A River Through Time: Managing the Upper Mississippi River

Kent C. Kirkby
University of Minnesota
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Students explore river processes by following the Army Corps of Engineers' historic efforts to 'improve' the Mississippi River channel for navigation. Students design a river management scheme of wing dams and riprap that mimics the Corps' early efforts to force the Mississippi River to erode a deeper, more navigable channel. They then compare the probable environmental consequences of their plan, with that of the Corps' subsequent lock and dam construction program.
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Undergraduate, breadth-requirement service course that is specifically designed as a concluding Earth Science course. Course's goal is not to prepare students for a geology career, but to help them acquire the knowledge and skills they need to be more informed citizens of an increasingly global society.

Skills and concepts that students must have mastered:

None necessary.

How the activity is situated in the course:

One of a sequence of labs designed to explore the historic interactions of geologic processes and human society.

National or State Education Standards addressed by this activity?:



Content/concepts goals for this activity:

We want students to realize how river processes operate by consciously manipulating those processes to attempt to force a river to carve a deeper, more navigable channel. Students have to design a river management program that can achieve a set goal of 'improving' the river system from the standpoint of commercial navigation.

Higher order thinking skills goals for this activity:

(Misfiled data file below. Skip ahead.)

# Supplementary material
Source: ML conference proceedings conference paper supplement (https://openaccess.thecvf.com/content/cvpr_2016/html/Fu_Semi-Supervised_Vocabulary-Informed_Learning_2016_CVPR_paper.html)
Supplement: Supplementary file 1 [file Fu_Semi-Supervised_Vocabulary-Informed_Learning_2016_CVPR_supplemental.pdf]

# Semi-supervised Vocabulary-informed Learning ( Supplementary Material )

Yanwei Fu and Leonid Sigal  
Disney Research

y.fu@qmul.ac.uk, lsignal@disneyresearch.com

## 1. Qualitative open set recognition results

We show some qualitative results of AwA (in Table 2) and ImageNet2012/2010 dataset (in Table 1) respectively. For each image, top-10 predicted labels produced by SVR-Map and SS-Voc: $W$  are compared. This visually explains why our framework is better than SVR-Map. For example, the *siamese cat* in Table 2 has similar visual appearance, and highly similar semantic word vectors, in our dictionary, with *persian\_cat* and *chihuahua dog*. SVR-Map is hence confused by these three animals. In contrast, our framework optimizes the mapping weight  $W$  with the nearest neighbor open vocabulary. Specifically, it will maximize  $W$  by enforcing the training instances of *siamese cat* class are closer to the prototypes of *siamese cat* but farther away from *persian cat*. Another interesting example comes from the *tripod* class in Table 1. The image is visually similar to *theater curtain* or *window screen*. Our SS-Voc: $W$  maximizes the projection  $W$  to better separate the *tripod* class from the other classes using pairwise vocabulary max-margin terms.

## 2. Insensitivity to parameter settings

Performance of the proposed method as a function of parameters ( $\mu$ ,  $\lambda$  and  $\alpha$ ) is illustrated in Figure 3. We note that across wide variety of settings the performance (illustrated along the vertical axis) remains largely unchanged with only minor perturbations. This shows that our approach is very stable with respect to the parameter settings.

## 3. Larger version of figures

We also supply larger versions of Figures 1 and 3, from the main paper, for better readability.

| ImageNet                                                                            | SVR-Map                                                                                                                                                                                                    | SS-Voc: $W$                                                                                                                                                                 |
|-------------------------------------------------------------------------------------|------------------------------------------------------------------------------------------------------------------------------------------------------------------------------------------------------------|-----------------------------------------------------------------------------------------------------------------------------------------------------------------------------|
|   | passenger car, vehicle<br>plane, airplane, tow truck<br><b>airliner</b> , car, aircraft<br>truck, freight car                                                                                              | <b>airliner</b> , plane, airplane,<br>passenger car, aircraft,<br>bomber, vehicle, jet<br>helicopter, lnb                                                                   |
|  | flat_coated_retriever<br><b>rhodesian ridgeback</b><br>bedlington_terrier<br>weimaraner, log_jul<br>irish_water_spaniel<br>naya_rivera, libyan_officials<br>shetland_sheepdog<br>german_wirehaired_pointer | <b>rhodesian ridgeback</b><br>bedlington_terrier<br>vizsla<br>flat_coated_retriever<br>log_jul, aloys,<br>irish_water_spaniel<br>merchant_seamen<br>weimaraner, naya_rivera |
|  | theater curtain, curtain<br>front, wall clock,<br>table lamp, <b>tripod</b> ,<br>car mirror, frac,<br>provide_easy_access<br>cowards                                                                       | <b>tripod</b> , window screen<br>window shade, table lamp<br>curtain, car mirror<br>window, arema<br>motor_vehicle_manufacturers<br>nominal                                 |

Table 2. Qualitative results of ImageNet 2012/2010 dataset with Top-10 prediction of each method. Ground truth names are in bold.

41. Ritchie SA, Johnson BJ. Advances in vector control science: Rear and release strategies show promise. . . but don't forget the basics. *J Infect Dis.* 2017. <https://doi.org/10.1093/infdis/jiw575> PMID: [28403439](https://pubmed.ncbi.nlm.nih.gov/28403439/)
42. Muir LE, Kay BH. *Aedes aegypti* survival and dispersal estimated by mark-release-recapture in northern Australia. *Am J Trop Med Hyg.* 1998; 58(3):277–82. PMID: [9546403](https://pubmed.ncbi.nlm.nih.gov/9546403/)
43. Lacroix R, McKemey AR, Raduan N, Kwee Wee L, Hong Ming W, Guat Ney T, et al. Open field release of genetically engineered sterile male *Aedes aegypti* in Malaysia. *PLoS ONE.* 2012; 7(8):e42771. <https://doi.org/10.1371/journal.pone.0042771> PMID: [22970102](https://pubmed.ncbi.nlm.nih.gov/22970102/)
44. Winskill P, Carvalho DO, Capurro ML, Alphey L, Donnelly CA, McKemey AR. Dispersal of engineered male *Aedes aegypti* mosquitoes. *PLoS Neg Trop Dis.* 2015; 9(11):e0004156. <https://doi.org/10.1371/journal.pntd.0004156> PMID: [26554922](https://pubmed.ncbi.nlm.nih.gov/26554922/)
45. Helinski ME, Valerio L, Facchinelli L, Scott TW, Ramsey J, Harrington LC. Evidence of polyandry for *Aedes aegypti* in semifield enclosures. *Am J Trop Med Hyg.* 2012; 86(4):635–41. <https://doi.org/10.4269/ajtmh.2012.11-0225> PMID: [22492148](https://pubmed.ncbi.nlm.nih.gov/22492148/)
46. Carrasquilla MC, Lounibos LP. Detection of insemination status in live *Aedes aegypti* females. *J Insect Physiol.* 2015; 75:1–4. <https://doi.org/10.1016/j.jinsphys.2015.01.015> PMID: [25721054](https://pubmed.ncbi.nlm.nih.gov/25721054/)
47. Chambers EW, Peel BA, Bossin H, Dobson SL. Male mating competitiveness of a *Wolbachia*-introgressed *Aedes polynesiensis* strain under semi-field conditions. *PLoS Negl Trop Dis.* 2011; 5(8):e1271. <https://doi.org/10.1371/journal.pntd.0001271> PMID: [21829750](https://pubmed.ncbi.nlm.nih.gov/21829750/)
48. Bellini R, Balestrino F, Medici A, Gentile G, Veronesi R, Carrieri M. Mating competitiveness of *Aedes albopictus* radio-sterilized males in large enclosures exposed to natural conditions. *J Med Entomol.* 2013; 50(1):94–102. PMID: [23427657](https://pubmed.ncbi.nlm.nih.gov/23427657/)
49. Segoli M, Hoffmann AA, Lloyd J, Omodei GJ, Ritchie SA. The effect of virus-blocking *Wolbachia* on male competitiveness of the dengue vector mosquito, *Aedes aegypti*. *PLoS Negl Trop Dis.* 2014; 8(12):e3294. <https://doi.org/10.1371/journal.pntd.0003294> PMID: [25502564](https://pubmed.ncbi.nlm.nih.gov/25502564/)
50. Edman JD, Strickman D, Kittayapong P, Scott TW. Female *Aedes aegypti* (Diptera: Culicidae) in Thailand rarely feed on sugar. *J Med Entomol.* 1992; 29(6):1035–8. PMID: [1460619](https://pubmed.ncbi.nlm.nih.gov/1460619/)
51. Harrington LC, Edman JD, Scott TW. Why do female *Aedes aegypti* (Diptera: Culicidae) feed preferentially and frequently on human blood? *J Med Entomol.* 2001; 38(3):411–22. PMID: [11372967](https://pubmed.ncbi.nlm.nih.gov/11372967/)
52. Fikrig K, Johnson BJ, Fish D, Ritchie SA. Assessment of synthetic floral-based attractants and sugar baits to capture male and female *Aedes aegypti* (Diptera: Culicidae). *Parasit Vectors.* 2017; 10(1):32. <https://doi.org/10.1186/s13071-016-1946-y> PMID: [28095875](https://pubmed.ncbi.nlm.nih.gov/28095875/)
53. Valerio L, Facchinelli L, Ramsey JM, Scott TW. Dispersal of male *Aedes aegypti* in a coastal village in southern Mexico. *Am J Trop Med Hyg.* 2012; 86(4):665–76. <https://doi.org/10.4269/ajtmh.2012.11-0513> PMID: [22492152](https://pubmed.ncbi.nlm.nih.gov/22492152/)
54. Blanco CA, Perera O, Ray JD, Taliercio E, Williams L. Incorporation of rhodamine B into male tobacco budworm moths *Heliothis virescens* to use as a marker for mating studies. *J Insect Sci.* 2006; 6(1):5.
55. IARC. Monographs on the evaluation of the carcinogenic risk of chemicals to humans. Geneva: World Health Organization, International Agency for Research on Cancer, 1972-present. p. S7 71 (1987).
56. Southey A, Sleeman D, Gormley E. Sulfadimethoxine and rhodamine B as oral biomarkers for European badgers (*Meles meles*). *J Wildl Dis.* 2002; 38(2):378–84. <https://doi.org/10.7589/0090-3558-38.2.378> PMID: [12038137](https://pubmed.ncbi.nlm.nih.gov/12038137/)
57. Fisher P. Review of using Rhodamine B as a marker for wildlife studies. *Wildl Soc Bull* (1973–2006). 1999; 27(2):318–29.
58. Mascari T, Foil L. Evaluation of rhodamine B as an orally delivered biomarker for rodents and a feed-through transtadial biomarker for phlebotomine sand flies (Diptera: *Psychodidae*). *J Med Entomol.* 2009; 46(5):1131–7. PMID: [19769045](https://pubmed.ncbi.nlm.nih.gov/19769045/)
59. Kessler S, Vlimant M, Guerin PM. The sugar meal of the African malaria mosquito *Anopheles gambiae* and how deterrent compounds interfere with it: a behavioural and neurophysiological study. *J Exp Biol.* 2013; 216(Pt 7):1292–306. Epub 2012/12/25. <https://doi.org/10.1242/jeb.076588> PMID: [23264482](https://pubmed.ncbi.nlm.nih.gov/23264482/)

By mirroring the Corp's historic attempts to 'improve' the Mississippi River, students should gain an understanding of the critical historic importance of river systems to human society and an appreciation for how highly modified the present river system is. By evaluating their proposed river management scheme in terms of its environmental cost, they should also gain an appreciation of a river system involves much more than flowing water.

Other skills goals for this activity:

Students work in groups to analyze a natural river system, design a river management scheme and consider the environmental implications of their scheme. They must then individually summarize their conclusions in two essays that analyze the environmental implications of historic efforts to manage the Mississippi River.

Description of the activity/assignment

An attempt to help students better understand both the nature of river flow and its significance to human society, this lab follows the historic efforts of the Army Corps of Engineers to 'improve' the Mississippi River channel for commercial navigation. Students start by taking a section of the natural river channel and designing a river management program of wing dam and riprap construction that would manipulate the river's natural erosion and deposition processes to force the river itself to carve a deeper, more navigable channel. They then compare their plan to the one designed by the Corps and consider the implications of any significant differences between the two schemes. They are then asked to determine the environmental consequences of their proposed plan on the greater river system.

After this initial exploration, students compare the Corp's early efforts at wing dam and riprap management with its later plan of lock and dam construction and again investigate the impact of the two management schemes on the greater river system. The lab also considers differences in the cultural perspectives of 19th century Dakota and Euro-American communities regarding river systems. In concluding essays, the students must consider the environmental aspects of river management, specifically recognizing what was lost from the river system the Dakota originally knew.

Determining whether students have met the goals

The concluding essays provide one measure of what students have learned, but this assessment is backed up by questions, on lecture exams and the course final, that seek to learn what students have retained from the lab at the semester's end.

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